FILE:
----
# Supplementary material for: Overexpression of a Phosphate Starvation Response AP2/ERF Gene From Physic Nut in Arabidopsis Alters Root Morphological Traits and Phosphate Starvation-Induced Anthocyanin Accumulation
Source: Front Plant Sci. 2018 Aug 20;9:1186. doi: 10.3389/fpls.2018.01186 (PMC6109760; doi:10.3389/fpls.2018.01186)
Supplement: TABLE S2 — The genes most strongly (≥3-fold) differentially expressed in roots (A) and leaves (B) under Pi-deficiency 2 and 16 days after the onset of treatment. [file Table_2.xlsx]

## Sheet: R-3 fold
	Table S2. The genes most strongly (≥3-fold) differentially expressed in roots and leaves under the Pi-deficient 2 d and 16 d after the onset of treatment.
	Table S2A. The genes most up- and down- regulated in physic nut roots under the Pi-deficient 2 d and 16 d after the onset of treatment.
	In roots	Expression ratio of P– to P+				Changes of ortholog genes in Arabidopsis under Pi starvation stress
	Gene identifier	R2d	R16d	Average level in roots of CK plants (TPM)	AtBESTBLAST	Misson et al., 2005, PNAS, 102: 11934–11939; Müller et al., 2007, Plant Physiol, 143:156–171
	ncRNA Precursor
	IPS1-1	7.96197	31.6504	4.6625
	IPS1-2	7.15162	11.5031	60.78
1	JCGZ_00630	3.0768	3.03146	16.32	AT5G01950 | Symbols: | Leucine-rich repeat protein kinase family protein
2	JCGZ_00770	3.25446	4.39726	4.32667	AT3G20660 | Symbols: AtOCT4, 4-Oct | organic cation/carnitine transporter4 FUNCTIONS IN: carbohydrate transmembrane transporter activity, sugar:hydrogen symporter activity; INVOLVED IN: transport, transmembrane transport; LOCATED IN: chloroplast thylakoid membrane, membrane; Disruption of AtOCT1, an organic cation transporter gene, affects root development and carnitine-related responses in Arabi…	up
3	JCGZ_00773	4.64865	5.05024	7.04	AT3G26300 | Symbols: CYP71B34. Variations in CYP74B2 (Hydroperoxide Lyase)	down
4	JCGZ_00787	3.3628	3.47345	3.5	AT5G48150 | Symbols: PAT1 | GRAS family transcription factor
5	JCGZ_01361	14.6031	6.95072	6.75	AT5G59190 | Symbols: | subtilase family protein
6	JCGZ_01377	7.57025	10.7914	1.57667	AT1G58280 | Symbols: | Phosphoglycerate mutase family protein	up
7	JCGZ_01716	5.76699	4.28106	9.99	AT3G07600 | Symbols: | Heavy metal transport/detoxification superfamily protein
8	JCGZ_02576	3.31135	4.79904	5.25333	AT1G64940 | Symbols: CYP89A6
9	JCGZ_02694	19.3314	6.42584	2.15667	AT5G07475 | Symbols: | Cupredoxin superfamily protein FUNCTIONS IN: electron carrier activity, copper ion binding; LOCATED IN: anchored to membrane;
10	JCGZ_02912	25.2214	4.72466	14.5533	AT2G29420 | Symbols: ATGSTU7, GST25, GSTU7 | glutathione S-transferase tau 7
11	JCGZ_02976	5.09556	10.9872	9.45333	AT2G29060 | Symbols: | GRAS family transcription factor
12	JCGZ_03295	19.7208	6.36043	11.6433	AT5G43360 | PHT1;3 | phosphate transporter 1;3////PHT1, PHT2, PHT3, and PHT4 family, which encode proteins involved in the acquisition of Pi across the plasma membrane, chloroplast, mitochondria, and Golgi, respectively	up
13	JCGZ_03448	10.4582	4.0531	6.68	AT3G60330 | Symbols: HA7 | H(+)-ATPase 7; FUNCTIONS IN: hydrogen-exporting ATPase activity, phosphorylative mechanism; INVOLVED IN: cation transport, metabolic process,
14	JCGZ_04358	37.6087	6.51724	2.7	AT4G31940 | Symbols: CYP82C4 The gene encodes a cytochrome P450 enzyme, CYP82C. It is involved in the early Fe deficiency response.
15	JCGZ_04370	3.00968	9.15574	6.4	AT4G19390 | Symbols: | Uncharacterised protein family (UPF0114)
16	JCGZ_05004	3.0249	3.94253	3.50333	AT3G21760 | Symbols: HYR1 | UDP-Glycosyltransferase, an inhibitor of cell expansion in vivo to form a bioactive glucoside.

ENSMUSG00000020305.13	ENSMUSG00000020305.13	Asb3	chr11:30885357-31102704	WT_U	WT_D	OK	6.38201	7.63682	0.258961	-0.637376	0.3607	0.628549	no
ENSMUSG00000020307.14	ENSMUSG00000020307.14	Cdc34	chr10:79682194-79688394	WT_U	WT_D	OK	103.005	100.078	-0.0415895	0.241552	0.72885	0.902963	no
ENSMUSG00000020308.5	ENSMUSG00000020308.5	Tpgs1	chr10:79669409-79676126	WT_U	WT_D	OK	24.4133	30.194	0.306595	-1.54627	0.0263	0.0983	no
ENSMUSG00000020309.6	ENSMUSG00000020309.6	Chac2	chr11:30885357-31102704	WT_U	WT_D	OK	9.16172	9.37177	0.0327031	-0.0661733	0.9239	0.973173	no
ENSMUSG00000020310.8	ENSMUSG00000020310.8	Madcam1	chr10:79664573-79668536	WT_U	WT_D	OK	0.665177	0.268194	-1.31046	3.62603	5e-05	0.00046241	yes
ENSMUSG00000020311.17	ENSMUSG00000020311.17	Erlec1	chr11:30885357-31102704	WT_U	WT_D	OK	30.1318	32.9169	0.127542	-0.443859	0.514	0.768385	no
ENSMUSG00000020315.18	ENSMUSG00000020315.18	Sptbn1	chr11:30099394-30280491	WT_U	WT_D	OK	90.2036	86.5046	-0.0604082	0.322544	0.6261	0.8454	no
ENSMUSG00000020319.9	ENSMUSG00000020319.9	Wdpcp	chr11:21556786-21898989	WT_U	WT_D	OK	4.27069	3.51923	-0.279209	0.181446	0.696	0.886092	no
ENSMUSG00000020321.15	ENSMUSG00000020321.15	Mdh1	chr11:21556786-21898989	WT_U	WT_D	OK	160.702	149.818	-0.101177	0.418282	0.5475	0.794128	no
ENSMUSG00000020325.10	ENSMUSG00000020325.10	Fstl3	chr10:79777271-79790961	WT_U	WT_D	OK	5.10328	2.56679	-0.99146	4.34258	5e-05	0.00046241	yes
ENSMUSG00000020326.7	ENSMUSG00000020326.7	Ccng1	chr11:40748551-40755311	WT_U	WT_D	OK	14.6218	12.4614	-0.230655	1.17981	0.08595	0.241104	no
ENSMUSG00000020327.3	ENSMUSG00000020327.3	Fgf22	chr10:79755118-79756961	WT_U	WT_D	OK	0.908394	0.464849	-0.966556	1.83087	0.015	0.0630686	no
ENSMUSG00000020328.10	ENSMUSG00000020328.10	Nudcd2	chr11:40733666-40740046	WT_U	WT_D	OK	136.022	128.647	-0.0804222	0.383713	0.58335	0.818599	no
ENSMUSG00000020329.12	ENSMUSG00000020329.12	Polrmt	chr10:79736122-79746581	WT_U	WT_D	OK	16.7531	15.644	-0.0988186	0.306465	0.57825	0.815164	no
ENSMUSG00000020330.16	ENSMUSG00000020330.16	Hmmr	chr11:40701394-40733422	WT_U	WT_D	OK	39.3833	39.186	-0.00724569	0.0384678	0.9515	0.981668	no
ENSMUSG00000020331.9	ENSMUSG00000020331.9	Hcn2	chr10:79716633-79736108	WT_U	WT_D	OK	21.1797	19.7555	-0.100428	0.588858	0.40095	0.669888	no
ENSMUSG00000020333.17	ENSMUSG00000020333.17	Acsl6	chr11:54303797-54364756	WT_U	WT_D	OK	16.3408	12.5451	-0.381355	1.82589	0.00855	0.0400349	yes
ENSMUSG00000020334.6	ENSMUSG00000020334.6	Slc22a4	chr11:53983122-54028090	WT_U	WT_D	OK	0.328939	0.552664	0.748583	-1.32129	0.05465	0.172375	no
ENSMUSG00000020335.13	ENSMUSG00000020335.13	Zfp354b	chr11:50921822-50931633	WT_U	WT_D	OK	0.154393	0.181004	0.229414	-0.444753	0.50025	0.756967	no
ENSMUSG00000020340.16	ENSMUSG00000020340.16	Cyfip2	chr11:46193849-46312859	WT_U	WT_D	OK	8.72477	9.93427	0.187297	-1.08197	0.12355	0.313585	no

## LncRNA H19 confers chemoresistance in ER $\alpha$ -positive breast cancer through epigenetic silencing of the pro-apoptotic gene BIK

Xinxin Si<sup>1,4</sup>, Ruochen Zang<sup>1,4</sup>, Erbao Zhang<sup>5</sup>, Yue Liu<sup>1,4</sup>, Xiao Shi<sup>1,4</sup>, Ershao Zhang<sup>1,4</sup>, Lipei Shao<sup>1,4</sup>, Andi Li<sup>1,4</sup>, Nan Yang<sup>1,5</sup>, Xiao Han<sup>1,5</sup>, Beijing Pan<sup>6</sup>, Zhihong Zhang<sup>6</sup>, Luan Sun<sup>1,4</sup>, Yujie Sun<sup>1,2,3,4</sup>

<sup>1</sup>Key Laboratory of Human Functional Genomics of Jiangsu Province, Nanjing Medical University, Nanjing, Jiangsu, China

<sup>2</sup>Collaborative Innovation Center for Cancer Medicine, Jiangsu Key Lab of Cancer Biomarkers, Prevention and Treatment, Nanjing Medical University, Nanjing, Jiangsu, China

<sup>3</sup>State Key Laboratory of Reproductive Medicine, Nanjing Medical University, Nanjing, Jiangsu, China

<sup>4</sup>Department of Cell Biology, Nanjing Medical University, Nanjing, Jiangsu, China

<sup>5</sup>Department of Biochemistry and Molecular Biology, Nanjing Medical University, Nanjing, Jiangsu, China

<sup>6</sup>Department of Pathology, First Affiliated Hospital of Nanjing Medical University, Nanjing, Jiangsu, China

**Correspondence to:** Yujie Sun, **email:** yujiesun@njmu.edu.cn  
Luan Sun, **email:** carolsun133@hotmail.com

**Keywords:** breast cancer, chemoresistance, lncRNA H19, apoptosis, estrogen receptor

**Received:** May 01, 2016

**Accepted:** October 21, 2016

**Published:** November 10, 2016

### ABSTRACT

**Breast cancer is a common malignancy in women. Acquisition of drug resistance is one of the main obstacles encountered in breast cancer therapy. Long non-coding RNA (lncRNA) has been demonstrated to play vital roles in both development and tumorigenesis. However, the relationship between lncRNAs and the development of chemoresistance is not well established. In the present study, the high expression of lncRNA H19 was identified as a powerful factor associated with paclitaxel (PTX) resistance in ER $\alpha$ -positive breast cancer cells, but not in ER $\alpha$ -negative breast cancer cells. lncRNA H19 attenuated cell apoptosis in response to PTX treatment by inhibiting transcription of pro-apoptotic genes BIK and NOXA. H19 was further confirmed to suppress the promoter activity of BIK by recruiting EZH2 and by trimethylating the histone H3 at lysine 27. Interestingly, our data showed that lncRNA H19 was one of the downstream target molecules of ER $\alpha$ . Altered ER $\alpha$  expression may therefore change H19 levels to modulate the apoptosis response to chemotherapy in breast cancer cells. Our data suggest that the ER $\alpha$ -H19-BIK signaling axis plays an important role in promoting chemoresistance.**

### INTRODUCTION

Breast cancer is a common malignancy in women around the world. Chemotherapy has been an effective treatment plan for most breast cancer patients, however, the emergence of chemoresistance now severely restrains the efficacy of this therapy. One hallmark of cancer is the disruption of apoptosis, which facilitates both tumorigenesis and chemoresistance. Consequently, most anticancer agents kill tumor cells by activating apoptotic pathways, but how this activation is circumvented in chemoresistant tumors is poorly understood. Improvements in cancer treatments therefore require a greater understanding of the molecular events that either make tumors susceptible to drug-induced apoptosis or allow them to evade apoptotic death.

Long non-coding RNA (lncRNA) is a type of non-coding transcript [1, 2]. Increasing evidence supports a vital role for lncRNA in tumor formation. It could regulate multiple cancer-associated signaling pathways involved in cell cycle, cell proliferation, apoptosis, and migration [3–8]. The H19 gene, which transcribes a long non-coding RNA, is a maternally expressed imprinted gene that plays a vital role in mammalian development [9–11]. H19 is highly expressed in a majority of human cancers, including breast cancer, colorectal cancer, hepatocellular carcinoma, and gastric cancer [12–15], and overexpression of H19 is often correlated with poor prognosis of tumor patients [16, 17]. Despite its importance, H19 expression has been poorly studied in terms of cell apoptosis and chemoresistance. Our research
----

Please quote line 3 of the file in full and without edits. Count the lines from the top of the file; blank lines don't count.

Supplement: TABLE S2 — The genes most strongly (≥3-fold) differentially expressed in roots (A) and leaves (B) under Pi-deficiency 2 and 16 days after the onset of treatment. [file Table_2.xlsx]